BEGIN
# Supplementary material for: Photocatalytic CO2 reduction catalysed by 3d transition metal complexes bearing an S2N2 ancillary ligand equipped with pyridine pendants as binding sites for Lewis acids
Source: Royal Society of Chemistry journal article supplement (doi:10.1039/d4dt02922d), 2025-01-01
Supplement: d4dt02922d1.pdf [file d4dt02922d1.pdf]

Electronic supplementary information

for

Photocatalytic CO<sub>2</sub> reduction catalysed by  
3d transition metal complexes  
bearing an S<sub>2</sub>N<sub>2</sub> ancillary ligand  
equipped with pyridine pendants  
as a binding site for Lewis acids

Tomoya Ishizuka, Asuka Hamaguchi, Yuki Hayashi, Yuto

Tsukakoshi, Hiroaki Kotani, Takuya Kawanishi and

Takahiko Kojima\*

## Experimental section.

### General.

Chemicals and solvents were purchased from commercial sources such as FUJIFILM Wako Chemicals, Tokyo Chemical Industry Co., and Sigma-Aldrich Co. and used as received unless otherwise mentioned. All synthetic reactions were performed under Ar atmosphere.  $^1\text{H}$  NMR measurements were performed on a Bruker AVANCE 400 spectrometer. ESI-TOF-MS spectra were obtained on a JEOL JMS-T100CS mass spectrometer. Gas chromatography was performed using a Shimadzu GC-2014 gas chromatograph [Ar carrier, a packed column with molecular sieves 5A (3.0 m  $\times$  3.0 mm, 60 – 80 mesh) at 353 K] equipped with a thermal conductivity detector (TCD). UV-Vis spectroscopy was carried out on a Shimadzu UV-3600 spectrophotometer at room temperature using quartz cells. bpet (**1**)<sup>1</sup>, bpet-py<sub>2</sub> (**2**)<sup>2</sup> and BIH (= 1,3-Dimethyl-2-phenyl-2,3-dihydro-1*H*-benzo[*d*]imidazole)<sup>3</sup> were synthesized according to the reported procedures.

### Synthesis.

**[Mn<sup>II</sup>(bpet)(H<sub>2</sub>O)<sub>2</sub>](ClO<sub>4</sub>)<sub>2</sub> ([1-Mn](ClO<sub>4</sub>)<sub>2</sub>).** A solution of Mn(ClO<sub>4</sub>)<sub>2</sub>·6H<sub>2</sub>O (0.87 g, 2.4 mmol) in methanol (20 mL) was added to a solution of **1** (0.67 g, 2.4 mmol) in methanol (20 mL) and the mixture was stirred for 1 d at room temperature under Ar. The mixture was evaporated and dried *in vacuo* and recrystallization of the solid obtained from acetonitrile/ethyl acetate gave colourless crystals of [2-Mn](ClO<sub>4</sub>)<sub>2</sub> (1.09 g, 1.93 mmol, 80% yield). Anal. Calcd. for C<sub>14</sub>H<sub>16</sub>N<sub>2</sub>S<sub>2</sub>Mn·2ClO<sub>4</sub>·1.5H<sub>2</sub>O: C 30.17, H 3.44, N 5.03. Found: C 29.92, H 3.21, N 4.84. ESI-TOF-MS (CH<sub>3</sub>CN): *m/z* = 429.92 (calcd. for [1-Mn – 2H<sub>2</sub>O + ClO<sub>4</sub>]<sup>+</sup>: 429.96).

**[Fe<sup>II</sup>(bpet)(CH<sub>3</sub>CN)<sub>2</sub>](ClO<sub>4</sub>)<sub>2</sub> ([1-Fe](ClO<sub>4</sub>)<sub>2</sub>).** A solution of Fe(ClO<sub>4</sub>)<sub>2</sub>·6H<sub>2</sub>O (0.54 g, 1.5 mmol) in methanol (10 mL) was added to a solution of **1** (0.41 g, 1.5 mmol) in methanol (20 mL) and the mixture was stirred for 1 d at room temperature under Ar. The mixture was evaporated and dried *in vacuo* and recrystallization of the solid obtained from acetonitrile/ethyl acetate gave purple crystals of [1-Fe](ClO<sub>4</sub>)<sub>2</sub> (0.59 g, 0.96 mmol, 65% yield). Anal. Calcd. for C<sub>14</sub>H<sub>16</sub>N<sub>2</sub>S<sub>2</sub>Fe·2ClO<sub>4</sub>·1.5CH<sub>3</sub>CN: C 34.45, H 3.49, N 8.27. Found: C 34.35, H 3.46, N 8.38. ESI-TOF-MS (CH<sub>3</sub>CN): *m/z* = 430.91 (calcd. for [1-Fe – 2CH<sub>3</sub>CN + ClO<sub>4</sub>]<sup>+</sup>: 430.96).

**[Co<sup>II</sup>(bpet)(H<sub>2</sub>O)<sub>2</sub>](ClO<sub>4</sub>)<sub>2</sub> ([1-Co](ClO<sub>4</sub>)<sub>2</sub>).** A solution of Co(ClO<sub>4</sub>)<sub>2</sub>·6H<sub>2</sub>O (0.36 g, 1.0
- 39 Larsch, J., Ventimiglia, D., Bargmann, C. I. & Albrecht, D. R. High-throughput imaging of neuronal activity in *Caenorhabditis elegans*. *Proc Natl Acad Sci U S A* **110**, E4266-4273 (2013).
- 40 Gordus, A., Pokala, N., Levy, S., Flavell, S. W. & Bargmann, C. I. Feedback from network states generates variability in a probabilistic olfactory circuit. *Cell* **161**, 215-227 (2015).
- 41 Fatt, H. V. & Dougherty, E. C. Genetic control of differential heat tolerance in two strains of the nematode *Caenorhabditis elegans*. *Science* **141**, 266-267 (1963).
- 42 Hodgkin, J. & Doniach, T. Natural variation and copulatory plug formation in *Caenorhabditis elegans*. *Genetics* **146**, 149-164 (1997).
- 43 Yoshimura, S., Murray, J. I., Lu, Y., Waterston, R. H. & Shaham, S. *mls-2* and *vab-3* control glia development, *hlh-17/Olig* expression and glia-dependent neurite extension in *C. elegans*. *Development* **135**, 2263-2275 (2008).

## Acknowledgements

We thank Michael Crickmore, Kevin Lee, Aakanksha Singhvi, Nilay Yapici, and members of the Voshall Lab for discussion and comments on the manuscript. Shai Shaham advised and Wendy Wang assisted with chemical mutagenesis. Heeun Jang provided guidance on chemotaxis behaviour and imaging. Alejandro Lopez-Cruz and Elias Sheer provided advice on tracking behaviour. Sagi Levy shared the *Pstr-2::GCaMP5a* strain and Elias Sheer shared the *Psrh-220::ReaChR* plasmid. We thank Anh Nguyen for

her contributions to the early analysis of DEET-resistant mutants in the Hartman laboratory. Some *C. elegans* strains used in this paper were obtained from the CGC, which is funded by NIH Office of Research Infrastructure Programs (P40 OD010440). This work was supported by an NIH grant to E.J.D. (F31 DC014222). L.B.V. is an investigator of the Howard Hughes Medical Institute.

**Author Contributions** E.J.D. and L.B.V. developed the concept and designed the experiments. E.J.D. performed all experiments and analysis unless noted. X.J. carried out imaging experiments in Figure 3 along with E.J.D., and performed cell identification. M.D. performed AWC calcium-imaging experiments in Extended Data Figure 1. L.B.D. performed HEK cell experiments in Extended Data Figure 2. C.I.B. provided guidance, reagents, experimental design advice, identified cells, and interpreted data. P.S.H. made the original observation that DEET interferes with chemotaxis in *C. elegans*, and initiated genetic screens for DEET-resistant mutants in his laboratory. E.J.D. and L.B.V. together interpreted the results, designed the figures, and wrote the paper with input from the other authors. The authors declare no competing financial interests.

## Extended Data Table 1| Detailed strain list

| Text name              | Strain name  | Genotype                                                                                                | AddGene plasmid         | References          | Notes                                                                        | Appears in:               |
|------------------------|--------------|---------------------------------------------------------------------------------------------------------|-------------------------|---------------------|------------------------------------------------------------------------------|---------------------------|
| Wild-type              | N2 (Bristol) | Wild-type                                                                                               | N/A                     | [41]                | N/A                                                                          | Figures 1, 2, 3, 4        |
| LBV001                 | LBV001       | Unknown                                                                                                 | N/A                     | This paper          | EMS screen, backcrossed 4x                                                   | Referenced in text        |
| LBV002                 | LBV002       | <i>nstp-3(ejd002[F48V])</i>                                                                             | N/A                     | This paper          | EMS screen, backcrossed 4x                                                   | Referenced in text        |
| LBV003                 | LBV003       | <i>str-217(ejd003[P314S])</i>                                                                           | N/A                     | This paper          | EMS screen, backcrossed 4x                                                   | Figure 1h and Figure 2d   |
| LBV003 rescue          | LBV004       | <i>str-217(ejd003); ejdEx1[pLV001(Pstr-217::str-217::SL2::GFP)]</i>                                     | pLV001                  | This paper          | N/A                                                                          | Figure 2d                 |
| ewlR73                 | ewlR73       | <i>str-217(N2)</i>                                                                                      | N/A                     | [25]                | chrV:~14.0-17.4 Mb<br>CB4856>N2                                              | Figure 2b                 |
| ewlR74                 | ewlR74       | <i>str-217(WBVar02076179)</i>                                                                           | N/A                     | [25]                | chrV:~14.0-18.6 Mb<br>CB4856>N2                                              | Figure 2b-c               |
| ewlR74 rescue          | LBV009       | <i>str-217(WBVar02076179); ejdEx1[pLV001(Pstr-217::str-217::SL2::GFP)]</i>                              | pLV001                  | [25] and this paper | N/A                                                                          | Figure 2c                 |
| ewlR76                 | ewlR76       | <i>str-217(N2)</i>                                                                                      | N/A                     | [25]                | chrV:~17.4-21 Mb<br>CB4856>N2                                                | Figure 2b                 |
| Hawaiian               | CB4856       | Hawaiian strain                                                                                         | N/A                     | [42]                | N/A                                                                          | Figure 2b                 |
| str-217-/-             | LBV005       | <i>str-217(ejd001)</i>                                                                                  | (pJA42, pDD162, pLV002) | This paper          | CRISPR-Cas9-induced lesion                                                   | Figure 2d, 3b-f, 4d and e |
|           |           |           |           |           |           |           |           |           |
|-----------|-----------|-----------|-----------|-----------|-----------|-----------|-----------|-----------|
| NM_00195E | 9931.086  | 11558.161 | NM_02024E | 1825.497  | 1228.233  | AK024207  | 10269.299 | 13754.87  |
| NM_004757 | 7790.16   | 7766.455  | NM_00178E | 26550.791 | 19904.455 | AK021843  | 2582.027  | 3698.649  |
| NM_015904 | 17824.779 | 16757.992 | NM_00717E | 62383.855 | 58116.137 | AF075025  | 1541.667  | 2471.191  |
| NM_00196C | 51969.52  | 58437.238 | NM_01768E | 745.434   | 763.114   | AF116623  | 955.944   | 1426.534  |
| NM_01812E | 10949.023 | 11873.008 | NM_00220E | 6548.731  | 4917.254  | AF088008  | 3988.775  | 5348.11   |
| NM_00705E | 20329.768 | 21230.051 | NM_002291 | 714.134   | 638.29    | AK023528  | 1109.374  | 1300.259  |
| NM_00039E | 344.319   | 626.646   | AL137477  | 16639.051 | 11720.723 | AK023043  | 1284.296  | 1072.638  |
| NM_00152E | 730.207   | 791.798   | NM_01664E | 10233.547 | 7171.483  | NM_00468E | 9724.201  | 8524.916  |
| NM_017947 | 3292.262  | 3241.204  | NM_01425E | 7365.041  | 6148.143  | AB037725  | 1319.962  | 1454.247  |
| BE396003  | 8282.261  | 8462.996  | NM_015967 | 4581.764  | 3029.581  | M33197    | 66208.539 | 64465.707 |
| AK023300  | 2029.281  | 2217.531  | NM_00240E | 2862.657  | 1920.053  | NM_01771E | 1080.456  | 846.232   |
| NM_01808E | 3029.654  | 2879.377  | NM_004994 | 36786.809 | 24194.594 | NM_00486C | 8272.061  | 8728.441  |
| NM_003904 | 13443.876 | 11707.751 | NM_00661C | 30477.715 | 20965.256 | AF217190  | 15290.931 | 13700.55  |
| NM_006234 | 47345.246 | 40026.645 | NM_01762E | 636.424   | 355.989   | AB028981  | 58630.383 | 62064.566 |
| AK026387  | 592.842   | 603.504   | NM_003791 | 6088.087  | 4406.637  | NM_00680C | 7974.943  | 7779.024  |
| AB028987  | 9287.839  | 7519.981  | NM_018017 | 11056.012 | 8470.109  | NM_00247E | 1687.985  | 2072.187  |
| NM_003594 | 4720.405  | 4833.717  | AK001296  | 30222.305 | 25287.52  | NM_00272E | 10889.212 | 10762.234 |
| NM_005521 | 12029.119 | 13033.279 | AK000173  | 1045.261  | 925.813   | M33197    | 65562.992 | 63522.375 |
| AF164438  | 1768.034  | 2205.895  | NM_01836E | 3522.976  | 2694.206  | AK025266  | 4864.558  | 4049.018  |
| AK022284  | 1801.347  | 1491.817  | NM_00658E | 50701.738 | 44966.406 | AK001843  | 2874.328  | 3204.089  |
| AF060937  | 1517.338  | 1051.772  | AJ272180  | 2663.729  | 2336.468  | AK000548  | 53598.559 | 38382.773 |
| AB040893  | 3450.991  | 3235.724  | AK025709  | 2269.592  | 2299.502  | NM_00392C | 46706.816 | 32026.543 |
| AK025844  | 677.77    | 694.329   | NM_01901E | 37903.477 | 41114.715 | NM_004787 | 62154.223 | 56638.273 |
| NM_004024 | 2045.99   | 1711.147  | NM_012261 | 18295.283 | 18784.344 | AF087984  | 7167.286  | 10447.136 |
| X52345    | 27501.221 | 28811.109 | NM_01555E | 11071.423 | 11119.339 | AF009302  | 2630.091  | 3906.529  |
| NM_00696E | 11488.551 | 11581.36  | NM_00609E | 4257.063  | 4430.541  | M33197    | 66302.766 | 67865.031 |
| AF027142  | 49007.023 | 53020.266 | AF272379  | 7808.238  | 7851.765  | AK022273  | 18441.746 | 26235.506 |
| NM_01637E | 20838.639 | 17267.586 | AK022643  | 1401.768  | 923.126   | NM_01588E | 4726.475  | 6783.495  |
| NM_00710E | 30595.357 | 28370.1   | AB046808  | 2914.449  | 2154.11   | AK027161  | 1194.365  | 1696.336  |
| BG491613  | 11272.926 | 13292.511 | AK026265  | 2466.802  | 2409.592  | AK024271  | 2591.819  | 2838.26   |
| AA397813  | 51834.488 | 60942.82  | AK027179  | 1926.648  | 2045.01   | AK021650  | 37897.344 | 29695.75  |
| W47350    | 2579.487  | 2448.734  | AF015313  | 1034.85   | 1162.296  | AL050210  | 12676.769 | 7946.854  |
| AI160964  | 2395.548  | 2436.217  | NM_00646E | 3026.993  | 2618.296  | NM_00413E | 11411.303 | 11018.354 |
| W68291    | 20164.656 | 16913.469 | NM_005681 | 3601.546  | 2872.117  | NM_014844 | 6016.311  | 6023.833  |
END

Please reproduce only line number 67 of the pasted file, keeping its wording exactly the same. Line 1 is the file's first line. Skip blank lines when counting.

| AB040893  | 3450.991  | 3235.724  | AK025709  | 2269.592  | 2299.502  | NM_00392C | 46706.816 | 32026.543 |